A dozen tech companies have launched a new “privacy pledge” that calls for a more open, democratic and private internet. The group says it is an “alternative to surveillance capitalism” in an apparent grip on tech giants that collect vast amounts of user data.
Signatories to the pledge include Proton, Neeva, Brave, and Tor Project, as well as startups, academics, and advocacy groups. They hope this will help curb the “regressive impacts on user privacy, freedom, and choice” imposed by Big Tech vendors.
Signing the pledge commits organizations to rebuilding the Internet based on the original ideals set out when it was launched. It is a democratic platform designed to facilitate the free exchange of information, open communication and privacy for the individual.
This comes amid growing demand for increased privacy. A report by the Digital Markets Authority on data privacy earlier this year found that UK consumers have increased the control they have over the data they share, but would like more control, especially online . The report found that 89% of consumers in the UK want more control over the information they share with businesses.
The DMA report also found that consumers want greater transparency before sharing data, although this varies by age group, with 90% of people over 65 considering transparency essential before sharing. data, with only 60% of 18-24 year olds feeling the same way.
The authors of the pledge say hundreds of millions of people have switched to “privacy by default” services. This is where a system includes choices for the user about how much personal data they are willing to share – with the default set to the most privacy-friendly options.
An open internet plan can be a “shining light”
In addition to increasing consumer demand for more privacy and transparency, governments around the world are also beginning to introduce or consider new privacy legislation that would limit the amount of information that can be shared with advertisers and third parties, including the new EU cookie rules.
Andy Yen is founder and CEO of Proton, an encrypted messaging service provider and one of the signatories of the pledge. He said the internet no longer works for the benefit of the people who use it.
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“What was once a shining light for the free exchange of information, the democratization of knowledge, has become a tool for the powerful,” Yen said. “Giant corporations routinely monetize our privacy while trying to sell us a false commitment to protect our privacy.” That includes companies like Meta, Facebook’s parent company, and Google, a Proton spokesperson explained, that rely on collecting user data to support targeted advertising. Technical monitor contacted Meta and Google for a response.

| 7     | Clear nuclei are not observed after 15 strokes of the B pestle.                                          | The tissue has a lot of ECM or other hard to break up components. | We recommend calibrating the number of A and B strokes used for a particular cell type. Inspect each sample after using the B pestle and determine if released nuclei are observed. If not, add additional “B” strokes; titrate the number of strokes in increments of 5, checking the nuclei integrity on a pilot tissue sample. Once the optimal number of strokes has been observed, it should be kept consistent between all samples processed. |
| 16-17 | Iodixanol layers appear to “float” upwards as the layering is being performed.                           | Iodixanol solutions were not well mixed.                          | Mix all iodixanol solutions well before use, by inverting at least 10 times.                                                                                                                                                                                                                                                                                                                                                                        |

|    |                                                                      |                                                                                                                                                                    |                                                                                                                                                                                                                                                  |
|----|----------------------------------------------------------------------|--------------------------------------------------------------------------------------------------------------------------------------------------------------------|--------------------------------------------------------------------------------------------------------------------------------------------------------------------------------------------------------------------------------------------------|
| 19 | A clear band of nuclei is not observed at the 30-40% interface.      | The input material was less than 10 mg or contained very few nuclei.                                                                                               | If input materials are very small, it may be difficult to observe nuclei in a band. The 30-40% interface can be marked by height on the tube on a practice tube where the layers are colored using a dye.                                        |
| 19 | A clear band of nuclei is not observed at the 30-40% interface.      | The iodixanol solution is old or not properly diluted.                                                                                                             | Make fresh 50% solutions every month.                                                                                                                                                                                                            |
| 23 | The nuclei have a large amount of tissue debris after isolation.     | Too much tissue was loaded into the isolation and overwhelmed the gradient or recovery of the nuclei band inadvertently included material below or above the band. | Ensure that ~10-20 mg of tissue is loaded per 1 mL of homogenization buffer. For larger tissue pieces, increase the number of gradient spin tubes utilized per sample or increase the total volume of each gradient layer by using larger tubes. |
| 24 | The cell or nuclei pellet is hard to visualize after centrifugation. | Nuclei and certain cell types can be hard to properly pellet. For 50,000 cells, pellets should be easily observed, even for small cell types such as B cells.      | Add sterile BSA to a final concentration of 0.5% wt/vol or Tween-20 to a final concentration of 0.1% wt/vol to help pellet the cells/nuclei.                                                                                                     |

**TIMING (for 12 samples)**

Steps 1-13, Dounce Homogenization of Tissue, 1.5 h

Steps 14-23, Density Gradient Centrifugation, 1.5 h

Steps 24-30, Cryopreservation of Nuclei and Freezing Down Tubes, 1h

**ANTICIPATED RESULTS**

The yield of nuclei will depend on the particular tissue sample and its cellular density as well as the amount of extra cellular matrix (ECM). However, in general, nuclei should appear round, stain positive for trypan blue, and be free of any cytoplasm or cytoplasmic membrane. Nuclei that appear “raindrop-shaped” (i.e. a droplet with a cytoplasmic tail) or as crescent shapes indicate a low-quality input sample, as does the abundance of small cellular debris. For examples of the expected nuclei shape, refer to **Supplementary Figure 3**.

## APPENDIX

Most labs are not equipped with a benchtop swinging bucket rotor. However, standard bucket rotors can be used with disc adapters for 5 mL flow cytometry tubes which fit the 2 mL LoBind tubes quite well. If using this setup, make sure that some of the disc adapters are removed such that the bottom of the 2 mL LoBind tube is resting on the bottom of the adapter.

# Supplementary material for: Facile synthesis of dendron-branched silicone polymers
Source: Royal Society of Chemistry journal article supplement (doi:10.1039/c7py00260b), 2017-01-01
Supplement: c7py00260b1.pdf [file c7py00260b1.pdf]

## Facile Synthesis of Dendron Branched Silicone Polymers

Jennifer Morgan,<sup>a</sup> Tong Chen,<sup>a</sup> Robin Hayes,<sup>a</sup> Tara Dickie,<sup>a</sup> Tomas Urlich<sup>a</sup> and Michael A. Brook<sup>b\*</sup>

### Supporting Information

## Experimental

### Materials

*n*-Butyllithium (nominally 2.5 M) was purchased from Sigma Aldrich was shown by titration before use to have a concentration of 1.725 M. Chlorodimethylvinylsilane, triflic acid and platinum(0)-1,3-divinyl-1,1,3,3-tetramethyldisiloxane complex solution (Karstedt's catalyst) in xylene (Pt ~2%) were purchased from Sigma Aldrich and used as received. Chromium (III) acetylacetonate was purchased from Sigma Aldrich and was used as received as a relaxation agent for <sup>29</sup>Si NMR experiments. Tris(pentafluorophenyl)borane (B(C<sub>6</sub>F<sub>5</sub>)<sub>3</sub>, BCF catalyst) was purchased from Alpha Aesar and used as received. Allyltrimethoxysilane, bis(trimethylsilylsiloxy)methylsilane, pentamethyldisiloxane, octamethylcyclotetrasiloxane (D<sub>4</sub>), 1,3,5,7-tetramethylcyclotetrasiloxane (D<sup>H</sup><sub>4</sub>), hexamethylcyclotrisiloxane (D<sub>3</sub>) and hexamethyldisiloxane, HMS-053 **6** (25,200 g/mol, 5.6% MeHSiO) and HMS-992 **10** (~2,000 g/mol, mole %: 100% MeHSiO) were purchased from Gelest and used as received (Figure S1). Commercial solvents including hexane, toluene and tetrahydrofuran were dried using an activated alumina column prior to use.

Yen said another way is possible. “Companies, like those who have signed this pledge, are offering a private alternative to the status quo,” he explained. “By holding ourselves to higher ideals, we believe we can set an example for other innovators and provide users with true privacy. By working together, we can restore the Internet to what it was meant to be.
The group has not endorsed any single public policy or tool, but outlines a series of five “core commitments” that it hopes will make the internet more private and improve the protection of user data.
There are no plans to invite any of the big tech companies, including Google, Meta, Amazon or Apple, to sign the pledge, but rather they want to present a “united alternative to Big Tech that prioritizes privacy and where surveillance capitalism is not the default”.
The signatories call for an Internet that is open and accessible to all, supporting democratic values, protecting the fundamental right to privacy and guaranteeing free access to information.
In a statement, the Tor Project said now is the time to oppose Big Tech and surveillance-based capitalism, arguing that tools don’t need to collect data to be useful, usable and profitable. . “At The Tor Project, we’re building technology used by millions of people to stay private and anonymous online every day,” the statement read. “We know from experience that it’s possible to create privacy-by-design tools that people can rely on. Together we can build a better Internet.
Matt Hatfield, director of campaigns for OpenMedia, said organizations must work with the community to “defend privacy and create an internet that puts people first.”
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